One example of narrowing an answer too much concerns our salvation. Why did I become a disciple of Jesus? My standard answer sounds something like, “I became a Christian because I didn’t want to spend eternity in Hell and I wanted my sins forgiven.”

I’m confident millions of other Christians through the years have responded to the Gospel for similar reasons.

While in an ideal world people would respond to the Gospel as a loving response to the love of God our motives are usually much more self-centred than that. But we don’t need stay that way.

In Ephesians 3:1 Paul describes himself as “the prisoner of Christ Jesus for the sake of you Gentiles.” Most scholars agree that Paul probably wrote this letter from a Roman prison. They also agree that he was imprisoned as a consequence of his ministry. However, it’s notable that Paul doesn’t describe himself as “the prisoner of Rome…“, but as the prisoner of Christ Jesus.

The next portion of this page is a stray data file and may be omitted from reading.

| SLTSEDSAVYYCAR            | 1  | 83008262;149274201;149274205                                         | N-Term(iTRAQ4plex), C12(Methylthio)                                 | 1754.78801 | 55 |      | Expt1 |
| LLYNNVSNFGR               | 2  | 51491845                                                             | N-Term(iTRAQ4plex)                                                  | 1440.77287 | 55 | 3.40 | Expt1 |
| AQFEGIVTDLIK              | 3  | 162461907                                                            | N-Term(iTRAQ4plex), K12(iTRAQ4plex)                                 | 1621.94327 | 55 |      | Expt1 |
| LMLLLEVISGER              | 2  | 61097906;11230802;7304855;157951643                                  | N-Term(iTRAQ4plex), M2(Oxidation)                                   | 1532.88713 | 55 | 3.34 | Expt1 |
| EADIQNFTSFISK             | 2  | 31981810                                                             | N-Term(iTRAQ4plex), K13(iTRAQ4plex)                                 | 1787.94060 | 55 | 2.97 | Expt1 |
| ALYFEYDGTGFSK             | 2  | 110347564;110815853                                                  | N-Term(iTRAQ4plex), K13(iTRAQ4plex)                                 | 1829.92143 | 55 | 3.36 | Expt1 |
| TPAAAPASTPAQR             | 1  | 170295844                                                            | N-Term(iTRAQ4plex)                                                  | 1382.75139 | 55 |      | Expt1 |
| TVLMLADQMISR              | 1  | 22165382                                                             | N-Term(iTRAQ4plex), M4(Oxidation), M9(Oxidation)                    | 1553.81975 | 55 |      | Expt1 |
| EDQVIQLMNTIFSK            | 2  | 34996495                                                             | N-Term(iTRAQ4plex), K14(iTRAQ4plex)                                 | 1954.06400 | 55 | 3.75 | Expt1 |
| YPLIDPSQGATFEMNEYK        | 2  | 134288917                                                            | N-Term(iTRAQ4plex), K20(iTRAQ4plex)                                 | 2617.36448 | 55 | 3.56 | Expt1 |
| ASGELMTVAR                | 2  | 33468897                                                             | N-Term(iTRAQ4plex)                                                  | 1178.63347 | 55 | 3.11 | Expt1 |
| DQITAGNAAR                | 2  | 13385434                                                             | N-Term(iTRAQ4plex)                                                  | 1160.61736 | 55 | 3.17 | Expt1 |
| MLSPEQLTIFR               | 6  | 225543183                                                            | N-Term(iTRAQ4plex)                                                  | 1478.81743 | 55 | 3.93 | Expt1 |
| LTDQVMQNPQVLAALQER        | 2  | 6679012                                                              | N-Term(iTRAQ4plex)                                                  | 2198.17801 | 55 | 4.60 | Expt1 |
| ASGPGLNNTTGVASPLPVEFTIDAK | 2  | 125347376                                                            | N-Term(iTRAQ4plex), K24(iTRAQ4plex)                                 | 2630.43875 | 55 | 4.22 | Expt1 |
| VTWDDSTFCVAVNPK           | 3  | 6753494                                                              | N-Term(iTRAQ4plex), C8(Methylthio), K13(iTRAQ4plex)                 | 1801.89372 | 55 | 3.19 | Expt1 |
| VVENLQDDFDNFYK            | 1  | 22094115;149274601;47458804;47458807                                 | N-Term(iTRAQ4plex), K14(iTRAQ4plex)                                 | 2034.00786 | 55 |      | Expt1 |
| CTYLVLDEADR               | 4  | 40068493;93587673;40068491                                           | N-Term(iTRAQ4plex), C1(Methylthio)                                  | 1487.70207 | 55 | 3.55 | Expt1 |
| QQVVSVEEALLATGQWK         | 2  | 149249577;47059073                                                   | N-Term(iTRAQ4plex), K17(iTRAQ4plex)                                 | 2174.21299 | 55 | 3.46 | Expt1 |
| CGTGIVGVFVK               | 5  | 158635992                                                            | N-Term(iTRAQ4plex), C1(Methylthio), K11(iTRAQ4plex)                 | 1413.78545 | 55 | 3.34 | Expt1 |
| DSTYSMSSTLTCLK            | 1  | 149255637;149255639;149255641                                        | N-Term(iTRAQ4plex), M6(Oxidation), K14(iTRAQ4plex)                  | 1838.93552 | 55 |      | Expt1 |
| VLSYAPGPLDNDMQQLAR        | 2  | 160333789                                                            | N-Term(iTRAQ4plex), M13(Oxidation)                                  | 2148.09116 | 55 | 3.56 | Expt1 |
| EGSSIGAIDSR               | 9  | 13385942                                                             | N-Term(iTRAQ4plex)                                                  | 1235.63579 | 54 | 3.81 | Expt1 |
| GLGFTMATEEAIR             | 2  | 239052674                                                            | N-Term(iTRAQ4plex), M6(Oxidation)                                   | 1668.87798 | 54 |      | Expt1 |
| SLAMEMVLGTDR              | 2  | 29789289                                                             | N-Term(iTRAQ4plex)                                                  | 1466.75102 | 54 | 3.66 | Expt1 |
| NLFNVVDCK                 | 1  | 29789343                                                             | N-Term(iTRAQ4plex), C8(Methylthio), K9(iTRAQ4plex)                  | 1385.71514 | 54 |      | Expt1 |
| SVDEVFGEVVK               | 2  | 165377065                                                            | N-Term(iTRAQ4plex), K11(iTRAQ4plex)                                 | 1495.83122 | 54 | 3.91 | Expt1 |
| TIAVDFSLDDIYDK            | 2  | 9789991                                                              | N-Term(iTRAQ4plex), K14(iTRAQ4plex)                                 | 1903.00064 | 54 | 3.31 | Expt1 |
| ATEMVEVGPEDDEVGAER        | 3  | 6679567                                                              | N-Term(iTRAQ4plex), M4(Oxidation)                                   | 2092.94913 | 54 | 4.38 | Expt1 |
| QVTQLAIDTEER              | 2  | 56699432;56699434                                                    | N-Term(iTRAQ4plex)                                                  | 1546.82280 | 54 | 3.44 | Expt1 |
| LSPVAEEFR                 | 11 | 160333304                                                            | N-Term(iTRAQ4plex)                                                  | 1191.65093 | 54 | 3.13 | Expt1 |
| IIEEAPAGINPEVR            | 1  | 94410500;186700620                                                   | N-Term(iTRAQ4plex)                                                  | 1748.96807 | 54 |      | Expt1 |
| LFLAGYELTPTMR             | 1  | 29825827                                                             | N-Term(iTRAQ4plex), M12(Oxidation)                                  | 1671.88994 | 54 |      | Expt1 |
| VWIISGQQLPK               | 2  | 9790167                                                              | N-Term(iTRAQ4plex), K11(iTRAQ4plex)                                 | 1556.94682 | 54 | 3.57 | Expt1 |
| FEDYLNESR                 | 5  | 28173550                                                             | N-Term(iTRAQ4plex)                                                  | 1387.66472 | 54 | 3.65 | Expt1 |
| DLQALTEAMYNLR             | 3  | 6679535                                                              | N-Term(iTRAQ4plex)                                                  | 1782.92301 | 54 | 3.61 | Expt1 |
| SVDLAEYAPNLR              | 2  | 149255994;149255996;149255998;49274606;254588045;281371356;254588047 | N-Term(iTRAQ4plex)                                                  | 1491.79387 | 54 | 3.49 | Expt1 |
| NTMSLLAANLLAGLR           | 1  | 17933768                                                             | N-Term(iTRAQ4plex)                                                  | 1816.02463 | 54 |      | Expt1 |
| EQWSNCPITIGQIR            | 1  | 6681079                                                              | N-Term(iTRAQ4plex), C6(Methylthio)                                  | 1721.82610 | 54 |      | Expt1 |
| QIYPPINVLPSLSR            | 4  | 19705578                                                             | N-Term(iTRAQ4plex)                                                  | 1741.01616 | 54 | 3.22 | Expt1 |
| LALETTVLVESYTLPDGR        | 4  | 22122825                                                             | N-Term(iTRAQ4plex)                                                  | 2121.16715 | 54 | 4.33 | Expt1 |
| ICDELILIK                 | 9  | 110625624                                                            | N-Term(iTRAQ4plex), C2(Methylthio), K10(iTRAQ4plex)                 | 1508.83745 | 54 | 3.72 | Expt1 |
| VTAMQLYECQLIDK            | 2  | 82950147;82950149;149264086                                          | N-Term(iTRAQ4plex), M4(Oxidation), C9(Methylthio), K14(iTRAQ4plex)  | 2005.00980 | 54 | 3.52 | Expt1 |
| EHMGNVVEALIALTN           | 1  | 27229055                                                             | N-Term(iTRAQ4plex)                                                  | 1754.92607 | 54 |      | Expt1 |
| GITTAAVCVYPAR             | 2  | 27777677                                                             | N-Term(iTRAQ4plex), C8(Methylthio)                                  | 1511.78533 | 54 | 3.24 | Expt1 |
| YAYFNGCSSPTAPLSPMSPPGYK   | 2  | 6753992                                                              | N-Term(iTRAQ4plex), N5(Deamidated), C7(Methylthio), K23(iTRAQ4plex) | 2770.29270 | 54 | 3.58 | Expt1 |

As a prisoner of Christ Jesus, Paul was committed to the person and mission of Jesus. In Romans 6:19 Paul describes how we’re all captive slaves to something,

 Forgive me for using casual language to compensate for your natural weakness of human understanding. I want to be perfectly clear. In the same way you gave your bodily members away as slaves to corrupt and lawless living and found yourselves deeper in your unruly lives, now devote your members as slaves to right and reconciled lives so you will find yourselves deeper in holy living.”  (VOICE)

By calling himself a “prisoner of Christ Jesus” Paul  references his status as a disciple of Christ. With that in mind the next phrase challenges our generally accepted understanding of salvation.

conversation-coffee-01Paul is a prisoner of Christ, a disciple of Christ, a follower of Jesus, for the sake of you Gentiles.